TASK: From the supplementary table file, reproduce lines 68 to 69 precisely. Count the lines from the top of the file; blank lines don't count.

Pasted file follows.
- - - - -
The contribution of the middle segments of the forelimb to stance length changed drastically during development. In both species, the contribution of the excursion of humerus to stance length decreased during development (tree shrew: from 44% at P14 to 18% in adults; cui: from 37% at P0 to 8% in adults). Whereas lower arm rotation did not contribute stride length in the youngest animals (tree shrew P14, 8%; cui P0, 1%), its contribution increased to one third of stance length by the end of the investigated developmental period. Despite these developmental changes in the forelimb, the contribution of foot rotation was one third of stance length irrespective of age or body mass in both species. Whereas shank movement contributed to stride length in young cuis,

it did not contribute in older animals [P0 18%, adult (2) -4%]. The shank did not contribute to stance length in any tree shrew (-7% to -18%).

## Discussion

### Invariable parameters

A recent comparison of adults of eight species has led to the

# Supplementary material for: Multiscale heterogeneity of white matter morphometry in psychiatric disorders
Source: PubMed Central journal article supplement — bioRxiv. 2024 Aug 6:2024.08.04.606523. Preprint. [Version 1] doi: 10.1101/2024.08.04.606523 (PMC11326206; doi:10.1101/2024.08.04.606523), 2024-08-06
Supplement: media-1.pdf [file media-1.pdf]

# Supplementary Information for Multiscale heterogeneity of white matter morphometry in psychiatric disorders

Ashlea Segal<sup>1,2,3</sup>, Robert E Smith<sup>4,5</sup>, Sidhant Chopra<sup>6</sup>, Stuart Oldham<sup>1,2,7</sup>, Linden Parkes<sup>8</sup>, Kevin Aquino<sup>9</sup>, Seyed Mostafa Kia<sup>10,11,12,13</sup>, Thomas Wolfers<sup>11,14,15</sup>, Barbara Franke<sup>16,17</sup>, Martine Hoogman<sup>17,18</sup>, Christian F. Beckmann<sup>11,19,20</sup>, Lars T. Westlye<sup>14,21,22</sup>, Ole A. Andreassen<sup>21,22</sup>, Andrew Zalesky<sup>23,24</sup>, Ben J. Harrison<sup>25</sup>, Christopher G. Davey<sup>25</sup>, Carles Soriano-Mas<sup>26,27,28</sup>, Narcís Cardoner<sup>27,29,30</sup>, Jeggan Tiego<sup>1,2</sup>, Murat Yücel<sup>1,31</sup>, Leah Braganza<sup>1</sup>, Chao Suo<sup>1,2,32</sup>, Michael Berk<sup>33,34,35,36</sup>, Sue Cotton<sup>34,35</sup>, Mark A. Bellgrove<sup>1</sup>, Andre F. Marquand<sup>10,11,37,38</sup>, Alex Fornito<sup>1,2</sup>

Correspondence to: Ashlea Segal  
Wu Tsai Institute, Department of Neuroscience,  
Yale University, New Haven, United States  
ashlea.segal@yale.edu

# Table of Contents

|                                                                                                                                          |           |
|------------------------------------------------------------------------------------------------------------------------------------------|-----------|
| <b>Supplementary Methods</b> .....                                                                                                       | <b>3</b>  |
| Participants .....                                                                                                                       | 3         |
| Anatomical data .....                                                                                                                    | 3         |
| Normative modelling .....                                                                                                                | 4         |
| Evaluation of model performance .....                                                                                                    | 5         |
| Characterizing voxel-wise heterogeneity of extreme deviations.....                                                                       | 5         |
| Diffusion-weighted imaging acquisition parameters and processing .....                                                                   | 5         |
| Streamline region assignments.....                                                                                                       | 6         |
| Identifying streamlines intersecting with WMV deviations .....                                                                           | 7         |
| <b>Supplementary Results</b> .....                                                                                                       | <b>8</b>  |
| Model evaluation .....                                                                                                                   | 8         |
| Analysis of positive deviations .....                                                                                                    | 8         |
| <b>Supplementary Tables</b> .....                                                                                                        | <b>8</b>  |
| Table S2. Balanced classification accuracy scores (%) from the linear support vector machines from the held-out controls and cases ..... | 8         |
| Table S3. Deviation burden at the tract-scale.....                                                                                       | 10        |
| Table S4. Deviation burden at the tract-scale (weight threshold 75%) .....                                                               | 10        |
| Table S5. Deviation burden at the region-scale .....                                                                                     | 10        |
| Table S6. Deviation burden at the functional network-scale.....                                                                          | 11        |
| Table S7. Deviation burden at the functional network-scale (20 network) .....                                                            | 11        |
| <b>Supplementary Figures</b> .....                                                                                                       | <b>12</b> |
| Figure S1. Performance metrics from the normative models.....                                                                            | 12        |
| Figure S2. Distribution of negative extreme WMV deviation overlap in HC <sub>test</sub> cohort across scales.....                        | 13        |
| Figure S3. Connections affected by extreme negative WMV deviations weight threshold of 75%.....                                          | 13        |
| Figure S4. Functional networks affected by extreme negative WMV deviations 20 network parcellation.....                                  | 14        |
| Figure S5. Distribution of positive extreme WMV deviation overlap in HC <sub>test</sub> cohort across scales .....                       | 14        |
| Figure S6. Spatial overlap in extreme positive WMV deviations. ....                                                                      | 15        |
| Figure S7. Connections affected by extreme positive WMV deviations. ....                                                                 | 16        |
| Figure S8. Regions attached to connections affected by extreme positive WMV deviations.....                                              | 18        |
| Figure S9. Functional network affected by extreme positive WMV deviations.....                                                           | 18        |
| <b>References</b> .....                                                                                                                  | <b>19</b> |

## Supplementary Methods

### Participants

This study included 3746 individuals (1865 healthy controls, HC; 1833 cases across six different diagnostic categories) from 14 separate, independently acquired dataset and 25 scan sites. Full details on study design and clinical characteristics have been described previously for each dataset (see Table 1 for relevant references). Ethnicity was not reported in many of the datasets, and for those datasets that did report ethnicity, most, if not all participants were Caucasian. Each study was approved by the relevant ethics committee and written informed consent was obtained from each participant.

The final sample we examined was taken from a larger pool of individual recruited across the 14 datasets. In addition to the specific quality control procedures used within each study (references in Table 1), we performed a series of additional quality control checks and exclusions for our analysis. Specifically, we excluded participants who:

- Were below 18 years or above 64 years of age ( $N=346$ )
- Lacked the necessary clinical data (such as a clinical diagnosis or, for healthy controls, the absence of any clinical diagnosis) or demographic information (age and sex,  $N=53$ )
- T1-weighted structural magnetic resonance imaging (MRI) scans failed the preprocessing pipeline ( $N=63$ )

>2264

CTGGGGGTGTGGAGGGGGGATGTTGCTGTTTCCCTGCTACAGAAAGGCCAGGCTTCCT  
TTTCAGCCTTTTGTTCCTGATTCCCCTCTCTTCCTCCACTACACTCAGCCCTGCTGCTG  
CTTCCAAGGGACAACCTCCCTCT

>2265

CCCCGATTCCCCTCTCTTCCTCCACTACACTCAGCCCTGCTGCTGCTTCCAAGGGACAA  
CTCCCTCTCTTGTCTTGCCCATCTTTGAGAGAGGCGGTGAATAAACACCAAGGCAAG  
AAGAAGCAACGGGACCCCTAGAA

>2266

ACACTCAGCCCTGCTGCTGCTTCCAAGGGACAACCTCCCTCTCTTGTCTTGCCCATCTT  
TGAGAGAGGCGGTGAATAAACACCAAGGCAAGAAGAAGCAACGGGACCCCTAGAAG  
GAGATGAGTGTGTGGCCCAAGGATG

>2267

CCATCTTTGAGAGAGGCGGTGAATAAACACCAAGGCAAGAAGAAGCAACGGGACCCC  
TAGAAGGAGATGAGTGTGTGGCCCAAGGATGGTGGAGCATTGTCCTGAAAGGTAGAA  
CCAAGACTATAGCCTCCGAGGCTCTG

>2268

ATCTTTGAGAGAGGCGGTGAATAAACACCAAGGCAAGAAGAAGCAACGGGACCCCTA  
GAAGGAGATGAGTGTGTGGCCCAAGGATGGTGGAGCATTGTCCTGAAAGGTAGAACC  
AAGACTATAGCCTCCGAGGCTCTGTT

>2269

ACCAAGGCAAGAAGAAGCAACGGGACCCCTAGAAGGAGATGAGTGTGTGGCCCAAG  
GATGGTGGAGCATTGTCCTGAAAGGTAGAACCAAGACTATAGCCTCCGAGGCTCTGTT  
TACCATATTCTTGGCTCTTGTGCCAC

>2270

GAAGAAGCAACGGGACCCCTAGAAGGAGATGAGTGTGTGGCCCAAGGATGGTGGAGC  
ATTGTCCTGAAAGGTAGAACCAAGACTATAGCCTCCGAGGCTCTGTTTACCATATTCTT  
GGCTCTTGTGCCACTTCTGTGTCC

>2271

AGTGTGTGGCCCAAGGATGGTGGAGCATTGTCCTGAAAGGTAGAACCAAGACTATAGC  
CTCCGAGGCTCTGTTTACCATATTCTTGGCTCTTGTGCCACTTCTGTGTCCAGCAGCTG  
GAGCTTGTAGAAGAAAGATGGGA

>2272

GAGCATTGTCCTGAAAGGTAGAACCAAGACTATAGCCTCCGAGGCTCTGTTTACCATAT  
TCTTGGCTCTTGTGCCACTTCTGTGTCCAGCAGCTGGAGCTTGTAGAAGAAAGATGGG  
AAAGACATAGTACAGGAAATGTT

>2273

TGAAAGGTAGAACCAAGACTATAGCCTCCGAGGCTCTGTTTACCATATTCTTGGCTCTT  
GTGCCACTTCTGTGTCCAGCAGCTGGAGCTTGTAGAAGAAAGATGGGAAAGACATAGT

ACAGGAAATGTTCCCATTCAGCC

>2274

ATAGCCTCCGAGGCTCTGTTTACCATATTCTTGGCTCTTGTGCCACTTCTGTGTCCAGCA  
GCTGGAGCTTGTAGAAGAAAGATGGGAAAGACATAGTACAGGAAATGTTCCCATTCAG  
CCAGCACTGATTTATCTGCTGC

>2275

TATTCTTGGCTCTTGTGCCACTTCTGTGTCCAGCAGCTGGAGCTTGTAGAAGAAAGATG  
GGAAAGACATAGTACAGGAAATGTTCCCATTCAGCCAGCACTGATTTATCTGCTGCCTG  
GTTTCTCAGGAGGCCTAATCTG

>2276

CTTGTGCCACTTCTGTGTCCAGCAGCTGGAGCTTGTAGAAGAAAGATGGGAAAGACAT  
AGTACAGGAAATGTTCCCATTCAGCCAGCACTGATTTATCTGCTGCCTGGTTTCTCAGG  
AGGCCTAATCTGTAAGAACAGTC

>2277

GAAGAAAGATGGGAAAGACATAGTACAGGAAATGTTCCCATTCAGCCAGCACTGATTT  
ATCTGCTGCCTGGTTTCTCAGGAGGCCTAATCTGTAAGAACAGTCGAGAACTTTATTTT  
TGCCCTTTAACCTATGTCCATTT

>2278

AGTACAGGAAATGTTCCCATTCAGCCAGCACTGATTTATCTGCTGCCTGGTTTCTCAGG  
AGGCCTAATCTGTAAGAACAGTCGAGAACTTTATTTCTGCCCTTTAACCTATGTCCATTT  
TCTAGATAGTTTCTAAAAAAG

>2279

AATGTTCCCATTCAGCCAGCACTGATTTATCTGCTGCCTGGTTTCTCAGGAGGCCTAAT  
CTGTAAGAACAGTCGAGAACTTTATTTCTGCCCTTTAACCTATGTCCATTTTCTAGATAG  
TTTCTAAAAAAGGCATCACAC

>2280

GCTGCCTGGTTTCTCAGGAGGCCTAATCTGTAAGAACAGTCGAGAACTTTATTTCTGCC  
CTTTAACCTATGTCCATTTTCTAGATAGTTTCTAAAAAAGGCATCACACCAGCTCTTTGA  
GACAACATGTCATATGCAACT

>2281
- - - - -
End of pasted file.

CCATCTTTGAGAGAGGCGGTGAATAAACACCAAGGCAAGAAGAAGCAACGGGACCCC  
TAGAAGGAGATGAGTGTGTGGCCCAAGGATGGTGGAGCATTGTCCTGAAAGGTAGAA  